READING ASSIGNMENTSHomer, The Iliad
Thucydides, The Peloponnesian War
Plato, The Republic
Virgil, The Aeneid
WRITING TECHNIQUESThe Basics
Close and Critical Reading
CORC 1110 FACULTY WEBSITESRoger Dunkle
John Van Sickle
OTHER LINKSCORC 1110 Study Guide
Greek Mythology Link
Glossary of Terms
Antigone by Sophocles
"For God hates utterly The bray of bragging tongues." Sophocles, Antigone
Born in 495 B.C. about a mile northwest of Athens, Sophocles was the son of a wealthy merchant. He enjoyed the benefits of an aristocrat family and was able to study all of the arts. Because of his beauty and grace, he was chosen to lead a choir of boys. Every year there was a festival at the Theatre of Dionysus where new plays were presented. Sophocles took first prize the first time he presented there. He defeated none other than Aeschylus himself.
Sophocles wrote more than 120 plays, eighteen of which won first prizes. Never had any of his plays taken less than second place. Only seven of Sophocles' 120 plays survive in their entirety. Antigone, one of the surviving plays, is the about a young woman who refuses to follow the authority of her uncle who refuses to give her brother a proper burial.
Introduction to the Plot Summary:
Antigone is a withdrawn young woman who unlike her beautifully radiant sister Ismene, stands on her own. She is determined to properly bury her deceased brother Polynices, after an order by king Creon to let the body of Polynices rot. Antigone, her sister Ismene and two brothers Polynices and Eteocles are the children of Oedipus, the late king of Thebes. Before Oedipus' death, he decided that both Eteocles and Polynices would each take over the thrown. For a given amount of time, Eteocles, the elder brother, would take over the thrown and when that time has ended, he would then step down to let Polynices take over. However, Eteocles refused to step down at the end of his term. This infuriated Polynices and duel with the two brothers and their respective armies began. In the end, both brothers had ended up killing each other, making their uncle Creon the king of Thebes. Now Creon must deal with Antigone's attempt to disobey the law and bury her brother.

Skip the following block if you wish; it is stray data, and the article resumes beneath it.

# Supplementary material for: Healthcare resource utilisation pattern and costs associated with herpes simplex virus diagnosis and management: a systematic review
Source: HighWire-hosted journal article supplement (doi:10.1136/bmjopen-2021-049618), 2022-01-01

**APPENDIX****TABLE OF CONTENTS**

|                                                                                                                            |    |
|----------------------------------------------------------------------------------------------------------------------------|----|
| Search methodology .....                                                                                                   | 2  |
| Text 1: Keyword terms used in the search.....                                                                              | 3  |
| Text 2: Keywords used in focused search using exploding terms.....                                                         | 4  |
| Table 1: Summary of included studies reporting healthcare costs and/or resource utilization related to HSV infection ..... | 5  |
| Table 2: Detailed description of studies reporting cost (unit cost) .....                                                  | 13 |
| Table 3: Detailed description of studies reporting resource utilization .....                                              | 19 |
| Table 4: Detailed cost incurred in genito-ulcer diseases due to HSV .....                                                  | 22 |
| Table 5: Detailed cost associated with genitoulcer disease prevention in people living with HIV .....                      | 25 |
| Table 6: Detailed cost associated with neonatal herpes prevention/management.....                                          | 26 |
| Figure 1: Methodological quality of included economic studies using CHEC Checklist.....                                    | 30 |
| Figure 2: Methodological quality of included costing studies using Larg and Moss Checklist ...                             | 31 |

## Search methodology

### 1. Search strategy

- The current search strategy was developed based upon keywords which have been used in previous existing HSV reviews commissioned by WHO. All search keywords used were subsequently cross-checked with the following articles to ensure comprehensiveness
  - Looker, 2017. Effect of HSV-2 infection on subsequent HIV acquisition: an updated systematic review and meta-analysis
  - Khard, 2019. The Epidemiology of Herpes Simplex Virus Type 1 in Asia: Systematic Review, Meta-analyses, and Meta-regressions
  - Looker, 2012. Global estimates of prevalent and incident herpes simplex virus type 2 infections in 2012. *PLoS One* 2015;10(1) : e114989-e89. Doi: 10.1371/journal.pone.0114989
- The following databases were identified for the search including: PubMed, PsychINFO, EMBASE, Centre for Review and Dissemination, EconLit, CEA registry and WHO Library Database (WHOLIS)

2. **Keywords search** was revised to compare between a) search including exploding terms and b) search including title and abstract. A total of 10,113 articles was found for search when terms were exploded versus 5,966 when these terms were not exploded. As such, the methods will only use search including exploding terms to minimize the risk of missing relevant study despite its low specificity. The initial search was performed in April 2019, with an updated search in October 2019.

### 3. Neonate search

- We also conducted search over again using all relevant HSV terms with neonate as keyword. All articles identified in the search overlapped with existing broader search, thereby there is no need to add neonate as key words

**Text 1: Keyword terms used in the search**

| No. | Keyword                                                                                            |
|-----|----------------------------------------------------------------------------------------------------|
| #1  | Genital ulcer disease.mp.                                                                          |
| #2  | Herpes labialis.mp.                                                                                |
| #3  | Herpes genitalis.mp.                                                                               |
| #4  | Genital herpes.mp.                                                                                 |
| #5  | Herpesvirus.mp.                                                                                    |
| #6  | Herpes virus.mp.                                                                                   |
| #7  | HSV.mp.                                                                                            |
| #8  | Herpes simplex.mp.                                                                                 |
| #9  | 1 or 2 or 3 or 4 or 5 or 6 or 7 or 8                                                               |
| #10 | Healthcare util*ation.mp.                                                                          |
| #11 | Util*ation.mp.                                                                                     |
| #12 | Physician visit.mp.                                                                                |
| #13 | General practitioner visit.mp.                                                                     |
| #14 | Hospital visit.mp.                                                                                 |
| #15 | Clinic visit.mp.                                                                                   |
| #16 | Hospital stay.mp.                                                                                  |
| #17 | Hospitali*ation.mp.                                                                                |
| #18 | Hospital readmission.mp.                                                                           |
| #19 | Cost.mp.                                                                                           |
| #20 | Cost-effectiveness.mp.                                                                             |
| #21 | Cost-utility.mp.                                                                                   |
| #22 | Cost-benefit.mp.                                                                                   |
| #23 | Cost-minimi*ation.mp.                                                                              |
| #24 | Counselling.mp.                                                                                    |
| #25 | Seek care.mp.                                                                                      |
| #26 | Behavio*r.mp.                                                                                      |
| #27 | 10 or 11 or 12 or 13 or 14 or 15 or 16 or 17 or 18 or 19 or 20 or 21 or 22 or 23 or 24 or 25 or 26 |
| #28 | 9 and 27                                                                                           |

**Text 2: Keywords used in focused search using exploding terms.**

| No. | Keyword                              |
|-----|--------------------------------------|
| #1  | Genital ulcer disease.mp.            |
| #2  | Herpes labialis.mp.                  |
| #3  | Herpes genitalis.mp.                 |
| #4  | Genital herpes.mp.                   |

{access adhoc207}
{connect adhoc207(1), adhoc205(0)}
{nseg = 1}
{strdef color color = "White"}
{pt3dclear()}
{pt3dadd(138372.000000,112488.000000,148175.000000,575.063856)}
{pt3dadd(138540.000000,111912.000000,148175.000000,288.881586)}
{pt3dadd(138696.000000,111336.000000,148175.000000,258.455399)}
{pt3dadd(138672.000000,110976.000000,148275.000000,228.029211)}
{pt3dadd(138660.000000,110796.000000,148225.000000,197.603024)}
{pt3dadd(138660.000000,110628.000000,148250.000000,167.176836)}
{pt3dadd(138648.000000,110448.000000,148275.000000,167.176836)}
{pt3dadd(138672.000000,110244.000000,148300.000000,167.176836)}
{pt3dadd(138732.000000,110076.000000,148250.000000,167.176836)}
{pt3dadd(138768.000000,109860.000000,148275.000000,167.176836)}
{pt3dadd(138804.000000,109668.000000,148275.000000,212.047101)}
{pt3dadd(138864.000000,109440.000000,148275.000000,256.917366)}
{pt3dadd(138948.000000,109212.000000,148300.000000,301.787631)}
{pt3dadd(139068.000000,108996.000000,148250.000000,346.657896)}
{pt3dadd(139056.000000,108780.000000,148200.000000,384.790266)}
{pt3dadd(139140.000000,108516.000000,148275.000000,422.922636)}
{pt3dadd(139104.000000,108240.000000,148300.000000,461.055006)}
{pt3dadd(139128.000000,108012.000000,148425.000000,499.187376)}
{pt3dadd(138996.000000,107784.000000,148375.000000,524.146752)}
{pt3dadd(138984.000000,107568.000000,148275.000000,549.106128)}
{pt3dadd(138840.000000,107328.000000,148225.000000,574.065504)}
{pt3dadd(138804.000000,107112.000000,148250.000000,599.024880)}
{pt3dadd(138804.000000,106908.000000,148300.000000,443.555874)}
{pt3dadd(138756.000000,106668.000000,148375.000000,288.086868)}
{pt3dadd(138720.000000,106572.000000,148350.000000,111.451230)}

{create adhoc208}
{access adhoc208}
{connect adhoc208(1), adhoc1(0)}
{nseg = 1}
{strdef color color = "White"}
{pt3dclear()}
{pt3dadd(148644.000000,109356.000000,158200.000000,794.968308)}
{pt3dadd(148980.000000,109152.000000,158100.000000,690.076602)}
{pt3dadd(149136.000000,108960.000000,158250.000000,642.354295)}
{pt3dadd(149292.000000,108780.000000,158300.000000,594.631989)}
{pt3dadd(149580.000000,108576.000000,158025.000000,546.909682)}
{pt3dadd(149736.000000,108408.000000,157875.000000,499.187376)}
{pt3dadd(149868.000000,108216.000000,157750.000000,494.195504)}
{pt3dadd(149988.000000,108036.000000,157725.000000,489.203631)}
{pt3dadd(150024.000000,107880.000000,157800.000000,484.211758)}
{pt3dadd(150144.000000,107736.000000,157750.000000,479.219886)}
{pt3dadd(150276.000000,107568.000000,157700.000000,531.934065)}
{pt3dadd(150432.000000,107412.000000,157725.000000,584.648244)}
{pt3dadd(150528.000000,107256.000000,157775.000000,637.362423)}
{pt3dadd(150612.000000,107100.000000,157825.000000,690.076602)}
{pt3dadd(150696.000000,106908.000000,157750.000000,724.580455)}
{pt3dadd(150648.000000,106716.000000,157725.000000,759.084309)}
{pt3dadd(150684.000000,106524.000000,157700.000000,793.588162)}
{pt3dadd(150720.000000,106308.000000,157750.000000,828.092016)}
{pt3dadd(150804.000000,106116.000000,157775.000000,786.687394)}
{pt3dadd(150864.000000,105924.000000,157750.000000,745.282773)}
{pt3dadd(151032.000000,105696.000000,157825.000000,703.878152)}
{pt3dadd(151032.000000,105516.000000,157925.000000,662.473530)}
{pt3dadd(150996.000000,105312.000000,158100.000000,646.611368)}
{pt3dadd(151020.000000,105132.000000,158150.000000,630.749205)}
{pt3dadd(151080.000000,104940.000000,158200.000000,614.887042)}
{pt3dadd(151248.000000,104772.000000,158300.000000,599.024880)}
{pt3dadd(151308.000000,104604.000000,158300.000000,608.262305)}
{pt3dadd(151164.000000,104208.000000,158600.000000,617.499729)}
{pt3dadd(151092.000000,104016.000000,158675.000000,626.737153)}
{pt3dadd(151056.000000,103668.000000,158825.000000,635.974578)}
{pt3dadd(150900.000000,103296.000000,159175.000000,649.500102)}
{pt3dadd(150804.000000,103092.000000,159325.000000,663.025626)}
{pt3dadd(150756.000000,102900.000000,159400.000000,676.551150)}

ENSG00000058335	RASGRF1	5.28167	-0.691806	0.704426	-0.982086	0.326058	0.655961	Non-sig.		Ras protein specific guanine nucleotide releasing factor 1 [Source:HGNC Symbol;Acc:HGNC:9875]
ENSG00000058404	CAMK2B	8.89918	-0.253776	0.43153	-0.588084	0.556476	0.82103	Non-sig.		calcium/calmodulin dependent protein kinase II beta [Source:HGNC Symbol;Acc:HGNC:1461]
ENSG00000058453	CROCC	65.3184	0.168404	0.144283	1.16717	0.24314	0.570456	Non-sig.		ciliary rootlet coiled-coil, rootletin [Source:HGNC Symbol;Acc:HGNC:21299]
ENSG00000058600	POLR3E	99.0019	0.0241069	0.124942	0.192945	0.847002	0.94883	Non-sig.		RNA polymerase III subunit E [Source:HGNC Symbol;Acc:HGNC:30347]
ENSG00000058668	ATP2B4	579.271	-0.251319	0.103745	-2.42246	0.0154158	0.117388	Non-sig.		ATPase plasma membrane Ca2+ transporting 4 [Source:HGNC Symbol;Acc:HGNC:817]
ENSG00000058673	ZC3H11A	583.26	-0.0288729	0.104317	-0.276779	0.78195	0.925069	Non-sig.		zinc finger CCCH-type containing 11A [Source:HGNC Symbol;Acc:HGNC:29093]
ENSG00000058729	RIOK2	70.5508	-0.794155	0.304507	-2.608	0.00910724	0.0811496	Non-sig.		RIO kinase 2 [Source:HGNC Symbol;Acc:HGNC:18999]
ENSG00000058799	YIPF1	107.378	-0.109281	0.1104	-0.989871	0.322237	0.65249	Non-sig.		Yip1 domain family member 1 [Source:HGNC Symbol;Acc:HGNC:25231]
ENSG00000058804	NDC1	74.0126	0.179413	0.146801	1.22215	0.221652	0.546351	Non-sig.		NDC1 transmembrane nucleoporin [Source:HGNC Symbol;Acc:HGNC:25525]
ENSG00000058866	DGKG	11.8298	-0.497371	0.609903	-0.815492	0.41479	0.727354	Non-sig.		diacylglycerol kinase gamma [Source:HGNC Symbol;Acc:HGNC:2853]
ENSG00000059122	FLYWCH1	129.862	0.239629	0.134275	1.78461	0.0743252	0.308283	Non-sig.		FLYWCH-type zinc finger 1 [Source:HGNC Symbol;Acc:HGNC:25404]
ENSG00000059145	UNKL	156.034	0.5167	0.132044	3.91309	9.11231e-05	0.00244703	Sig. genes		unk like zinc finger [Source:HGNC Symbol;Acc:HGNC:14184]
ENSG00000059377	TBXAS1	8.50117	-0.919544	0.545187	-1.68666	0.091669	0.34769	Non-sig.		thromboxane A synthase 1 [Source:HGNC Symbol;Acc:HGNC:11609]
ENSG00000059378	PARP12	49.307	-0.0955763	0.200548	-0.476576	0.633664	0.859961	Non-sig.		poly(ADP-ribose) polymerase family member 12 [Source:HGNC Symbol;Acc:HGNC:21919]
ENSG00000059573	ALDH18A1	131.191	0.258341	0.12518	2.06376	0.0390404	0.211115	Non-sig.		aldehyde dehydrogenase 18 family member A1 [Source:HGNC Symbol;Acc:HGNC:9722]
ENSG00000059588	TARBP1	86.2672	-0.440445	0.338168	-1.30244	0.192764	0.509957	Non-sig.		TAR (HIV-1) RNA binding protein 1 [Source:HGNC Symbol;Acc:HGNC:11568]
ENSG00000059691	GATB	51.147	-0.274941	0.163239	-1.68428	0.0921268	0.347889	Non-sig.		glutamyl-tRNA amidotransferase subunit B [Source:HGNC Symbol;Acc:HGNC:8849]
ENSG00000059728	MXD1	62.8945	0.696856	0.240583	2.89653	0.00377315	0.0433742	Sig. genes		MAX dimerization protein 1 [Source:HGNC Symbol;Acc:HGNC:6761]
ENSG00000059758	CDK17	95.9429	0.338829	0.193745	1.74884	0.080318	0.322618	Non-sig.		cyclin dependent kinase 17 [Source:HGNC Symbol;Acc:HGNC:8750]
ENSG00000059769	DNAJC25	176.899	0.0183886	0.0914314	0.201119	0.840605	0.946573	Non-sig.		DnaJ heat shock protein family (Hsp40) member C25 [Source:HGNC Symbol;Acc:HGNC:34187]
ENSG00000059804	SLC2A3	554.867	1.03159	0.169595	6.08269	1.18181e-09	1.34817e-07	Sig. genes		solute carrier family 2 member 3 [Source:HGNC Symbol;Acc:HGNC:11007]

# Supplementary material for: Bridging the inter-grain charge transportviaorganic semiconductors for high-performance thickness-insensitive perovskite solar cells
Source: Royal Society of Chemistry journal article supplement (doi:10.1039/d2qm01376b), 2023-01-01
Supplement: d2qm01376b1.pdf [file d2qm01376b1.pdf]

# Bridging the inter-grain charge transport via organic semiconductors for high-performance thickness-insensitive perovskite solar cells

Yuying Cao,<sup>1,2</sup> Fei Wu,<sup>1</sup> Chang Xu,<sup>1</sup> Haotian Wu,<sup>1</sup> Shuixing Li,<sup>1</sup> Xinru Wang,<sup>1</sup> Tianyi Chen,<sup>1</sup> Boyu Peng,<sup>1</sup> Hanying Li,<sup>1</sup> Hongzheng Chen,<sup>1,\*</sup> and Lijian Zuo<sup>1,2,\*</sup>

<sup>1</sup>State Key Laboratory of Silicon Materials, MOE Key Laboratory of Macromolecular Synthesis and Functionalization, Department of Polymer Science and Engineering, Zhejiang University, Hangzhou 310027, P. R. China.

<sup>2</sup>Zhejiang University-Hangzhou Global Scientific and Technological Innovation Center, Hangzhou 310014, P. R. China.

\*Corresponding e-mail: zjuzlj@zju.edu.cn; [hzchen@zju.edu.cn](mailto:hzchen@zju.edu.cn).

Main Characters of the Antigone
Additional Resources for Antigone
Antigone Roger Dunkle, Study Guide
Sophocles' Antigone Perseus
Athenian Daily Life Roger Dunkle
Introduction to Greek Tragedy Roger Dunkle